$600,000 bull racks up another win

Grand champion at Denver show | The genetically superior bull is “a once in a lifetime sort of deal,” says owner

DENVER, Colo. — The Colyer family of Bruneau, Idaho, may have sold a Hereford bull for a world record price of $600,000 last year, but they have remained down to earth.

That bull, C Miles McKee 2103 ET, went on to win grand champion honours at the National Western Stock Show in Denver Jan. 16.

Between grooming cattle and hauling away litter at the stock show, Kyle Colyer took the time to talk about what the family has achieved at its ranch since it got into the purebred business in 1976.

Kyle works with his parents, Guy and Sherry, and grandparents Ray and Bonnie. His two young children make up four generations on the ranch.

The Colyers have changed their operation from a large commercial ranch where cattle ran on federal lease land to a well respected seed stock operation where ultrasound, performance records, artificial insemination and embryo transfers guide the program.

It was Guy who led the shift.

“I wanted to be able to collect more performance data and have an idea what each individual cow was doing,” he said.

Herefords were an easy choice.

“At that time, they were the most popular breed and we are in a real arid area,” he said.

“Hereford cattle have always been able to withstand a lot of different conditions.”

The Colyers have been showing cattle in Denver since 1983 and have always done well with a long list of grand champions on their ranch resume.

The big payday, however, happened last February when C Miles McKee 2103 ET, named after a Kansas State University professor, sold for $600,000 for a three quarter interest to Sullivan Farms of Dunlap, Iowa, and Curtis and Jackie Castle of Crawford, Oklahoma.

The youngster debuted at Denver last year as part of a pen of bulls and captured attention from the start.

“I never had a bull that had so much interest and so many fans,” Kyle said.

“I knew he was good, but to know that they are elite and good are two different things. There are a lot of good cattle here, but elite ones are rare.”

He figured the 13-month-old would fetch $100,000 to $200,000, but his heart started pounding as he listened in disbelief on sale day as the bids progressed over 10 minutes.

The bull is considered phenotypically superior with a sound pedigree of proven cattle.

“His mother was a no miss kind of cow,” Kyle said.

It probably earned the family about $1.6 million over the last decade, his father added.

The cow, which died last year, was a national champion female in Denver in 2004 and the mother of champions.

“This bull is a once in a lifetime sort of deal. You could spend another lifetime trying to get a bull like him,” Kyle said.

“We are just lucky we had one. Genetics are a funny thing. We’ll have 80 some calves out of him this spring and we will be lucky if we have one that is as good or better than him.”

The bull was grand champion at the Southwestern Exposition in Fort Worth, Texas, last year.

The Colyer ranch, 100 kilometres southwest of Boise, requires special management because it is dry country that receives 200 millimetres of rainfall a year. Summer time temperatures can easily hover around 40 C.

The family relies on irrigation from the Snake River to water crops such as alfalfa and silage corn.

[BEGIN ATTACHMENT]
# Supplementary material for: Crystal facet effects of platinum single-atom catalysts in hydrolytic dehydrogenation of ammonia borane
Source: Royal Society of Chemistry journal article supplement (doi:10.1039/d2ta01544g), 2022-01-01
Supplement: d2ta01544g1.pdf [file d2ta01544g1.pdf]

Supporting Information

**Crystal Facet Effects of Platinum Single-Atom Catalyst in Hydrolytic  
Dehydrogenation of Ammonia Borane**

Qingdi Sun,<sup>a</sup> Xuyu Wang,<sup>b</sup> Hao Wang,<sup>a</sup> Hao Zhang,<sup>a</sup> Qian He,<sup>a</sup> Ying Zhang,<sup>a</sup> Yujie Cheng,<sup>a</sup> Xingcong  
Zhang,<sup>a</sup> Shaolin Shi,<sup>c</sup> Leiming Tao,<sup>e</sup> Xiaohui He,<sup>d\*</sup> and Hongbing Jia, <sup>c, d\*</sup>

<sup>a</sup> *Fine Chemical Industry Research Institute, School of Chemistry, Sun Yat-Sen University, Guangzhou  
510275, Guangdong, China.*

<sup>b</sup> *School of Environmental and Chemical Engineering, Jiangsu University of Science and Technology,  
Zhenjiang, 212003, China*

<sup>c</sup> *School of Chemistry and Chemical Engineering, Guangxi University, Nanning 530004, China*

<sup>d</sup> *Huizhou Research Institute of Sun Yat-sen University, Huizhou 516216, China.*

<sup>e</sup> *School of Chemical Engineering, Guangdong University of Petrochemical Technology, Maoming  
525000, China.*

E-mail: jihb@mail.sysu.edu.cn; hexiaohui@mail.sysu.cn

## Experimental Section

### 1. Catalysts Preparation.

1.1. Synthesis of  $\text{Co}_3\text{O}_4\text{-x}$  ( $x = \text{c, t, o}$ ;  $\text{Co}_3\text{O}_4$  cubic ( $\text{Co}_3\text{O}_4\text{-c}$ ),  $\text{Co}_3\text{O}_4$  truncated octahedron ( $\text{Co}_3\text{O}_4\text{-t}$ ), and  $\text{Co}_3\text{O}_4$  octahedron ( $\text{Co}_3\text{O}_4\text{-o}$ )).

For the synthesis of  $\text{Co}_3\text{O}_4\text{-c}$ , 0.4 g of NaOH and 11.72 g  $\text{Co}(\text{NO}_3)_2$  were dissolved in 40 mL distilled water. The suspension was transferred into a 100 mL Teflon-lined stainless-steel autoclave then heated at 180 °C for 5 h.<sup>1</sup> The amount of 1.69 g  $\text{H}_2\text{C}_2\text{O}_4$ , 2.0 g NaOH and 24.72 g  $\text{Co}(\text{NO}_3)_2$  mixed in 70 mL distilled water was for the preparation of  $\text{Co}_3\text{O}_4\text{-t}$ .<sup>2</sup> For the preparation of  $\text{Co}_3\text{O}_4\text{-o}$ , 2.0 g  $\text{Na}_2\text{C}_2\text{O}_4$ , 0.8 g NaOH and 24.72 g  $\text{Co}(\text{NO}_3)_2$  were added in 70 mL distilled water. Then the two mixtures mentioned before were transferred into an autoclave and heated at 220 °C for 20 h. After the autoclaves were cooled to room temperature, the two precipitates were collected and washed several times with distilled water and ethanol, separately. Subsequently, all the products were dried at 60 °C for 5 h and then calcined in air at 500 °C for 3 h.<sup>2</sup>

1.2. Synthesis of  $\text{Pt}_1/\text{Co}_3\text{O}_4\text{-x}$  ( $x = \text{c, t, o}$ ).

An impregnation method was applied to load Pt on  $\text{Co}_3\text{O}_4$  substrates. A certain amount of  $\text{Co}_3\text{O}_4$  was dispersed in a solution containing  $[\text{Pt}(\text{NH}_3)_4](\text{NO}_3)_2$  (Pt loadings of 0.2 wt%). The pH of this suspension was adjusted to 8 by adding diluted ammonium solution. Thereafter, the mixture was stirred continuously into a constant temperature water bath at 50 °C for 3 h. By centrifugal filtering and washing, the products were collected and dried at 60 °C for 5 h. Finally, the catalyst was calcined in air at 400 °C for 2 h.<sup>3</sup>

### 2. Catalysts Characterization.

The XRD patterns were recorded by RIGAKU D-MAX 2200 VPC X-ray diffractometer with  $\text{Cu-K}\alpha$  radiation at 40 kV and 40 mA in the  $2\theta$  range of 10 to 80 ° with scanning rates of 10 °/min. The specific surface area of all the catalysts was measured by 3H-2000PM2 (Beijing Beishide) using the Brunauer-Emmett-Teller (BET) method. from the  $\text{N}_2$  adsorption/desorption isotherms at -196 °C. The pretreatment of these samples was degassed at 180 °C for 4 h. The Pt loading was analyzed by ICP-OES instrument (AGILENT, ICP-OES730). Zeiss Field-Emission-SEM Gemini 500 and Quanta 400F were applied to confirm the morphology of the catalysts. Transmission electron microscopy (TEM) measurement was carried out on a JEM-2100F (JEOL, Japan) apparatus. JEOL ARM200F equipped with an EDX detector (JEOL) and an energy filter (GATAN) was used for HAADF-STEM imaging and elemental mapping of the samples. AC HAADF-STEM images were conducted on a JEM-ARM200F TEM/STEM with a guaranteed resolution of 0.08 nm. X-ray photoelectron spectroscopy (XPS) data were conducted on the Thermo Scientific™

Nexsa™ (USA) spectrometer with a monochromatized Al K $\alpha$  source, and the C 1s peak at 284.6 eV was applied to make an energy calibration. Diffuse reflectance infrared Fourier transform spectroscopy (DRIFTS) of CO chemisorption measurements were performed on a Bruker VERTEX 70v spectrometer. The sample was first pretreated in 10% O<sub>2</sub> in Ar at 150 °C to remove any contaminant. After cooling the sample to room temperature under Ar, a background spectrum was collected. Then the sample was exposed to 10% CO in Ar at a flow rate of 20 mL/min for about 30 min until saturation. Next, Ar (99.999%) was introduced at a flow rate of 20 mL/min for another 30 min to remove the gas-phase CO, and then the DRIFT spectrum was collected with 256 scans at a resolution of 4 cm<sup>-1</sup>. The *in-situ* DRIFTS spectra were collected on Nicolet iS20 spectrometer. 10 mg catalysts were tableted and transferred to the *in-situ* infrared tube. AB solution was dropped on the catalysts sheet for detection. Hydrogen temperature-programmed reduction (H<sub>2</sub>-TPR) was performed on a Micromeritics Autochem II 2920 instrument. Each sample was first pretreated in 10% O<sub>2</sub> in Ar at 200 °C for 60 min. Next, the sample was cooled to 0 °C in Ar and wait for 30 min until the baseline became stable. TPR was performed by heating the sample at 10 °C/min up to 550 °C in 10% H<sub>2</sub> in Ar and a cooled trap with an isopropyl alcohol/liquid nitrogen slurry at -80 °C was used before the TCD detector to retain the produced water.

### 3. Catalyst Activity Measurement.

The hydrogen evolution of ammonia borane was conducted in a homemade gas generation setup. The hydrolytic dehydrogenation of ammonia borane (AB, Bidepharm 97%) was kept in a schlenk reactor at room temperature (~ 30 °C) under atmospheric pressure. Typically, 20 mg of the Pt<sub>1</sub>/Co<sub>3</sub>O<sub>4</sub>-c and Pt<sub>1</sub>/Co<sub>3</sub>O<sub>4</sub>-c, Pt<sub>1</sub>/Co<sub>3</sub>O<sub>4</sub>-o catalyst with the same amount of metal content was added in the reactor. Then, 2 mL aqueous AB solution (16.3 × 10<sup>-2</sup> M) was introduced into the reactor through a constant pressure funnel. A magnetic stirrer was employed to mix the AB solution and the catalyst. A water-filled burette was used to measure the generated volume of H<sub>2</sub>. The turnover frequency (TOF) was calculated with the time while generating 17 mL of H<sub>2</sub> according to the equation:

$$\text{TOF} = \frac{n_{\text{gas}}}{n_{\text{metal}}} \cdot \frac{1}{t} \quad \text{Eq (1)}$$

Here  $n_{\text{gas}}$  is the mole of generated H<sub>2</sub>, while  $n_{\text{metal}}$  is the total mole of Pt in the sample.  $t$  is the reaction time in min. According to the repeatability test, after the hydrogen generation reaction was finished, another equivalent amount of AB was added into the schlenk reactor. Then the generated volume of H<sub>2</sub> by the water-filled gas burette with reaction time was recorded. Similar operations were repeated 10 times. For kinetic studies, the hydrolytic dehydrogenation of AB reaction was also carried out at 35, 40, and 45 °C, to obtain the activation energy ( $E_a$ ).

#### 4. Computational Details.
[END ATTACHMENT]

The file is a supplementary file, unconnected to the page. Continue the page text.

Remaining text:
“If it wasn’t for the Snake River, there wouldn’t be a whole lot going on in our area,” Kyle said.

“Because of the river we can irrigate and grow crops. Other than that it would be a desert.”

They have suffered from the super drought that has affected the western U.S. and expect this year to be equally dry.

They keep 300 Hereford and 150 Angus and manage an extensive artificial insemination and embryo transfer program to keep the quality high and consistent.

“We are trying to utilize the best genetics that we can to make the most of consistency, and eliminate the bottom end all the time,” said Kyle, who is taking over more of the breeding decisions as the farm passes from one generation to the next.

“By doing a lot of AI and embryo work, we feel we can eliminate the bottom and get more profitable cattle.”

The culls are sold at the auction market. They also sell show heifers, which has become a large sideline for breeders. Junior breed association members buy the young females.

“It has opened a whole new business for a lot of breeders that really wasn’t in existence 10 years ago,” he said.

The Colyers sold a heifer out of their sale that became national junior champion female in Denver.

“Most all of our heifers that we have sold have had good show careers and were able to produce ones that came back here and won as well,” he said.

Angus were added in 1994, but the family remained loyal to Herefords, even as the breed slipped in popularity.

“Until the last five or six years, Here-ford cattle were kind of struggling for a while,” Kyle said.

“They have really gained back all the popularity they had before or more.”

He said the females have improved with more milk, a more moderate body frame and more muscle added to where it was needed.

The entire family is active in agriculture. Kyle’s sister, Katie, is in-volved with the ranch but also works with LiveAuctions.tv and travels to sales across the country.

Guy was active with the Owyhee County Cattle Association, the Idaho Cattle Association and the National Cattlemen’s Beef Association and was an American Hereford Association board director.

Sherry is involved with the American Hereford Auxiliary. They have both been American Junior Hereford Association national advisers.

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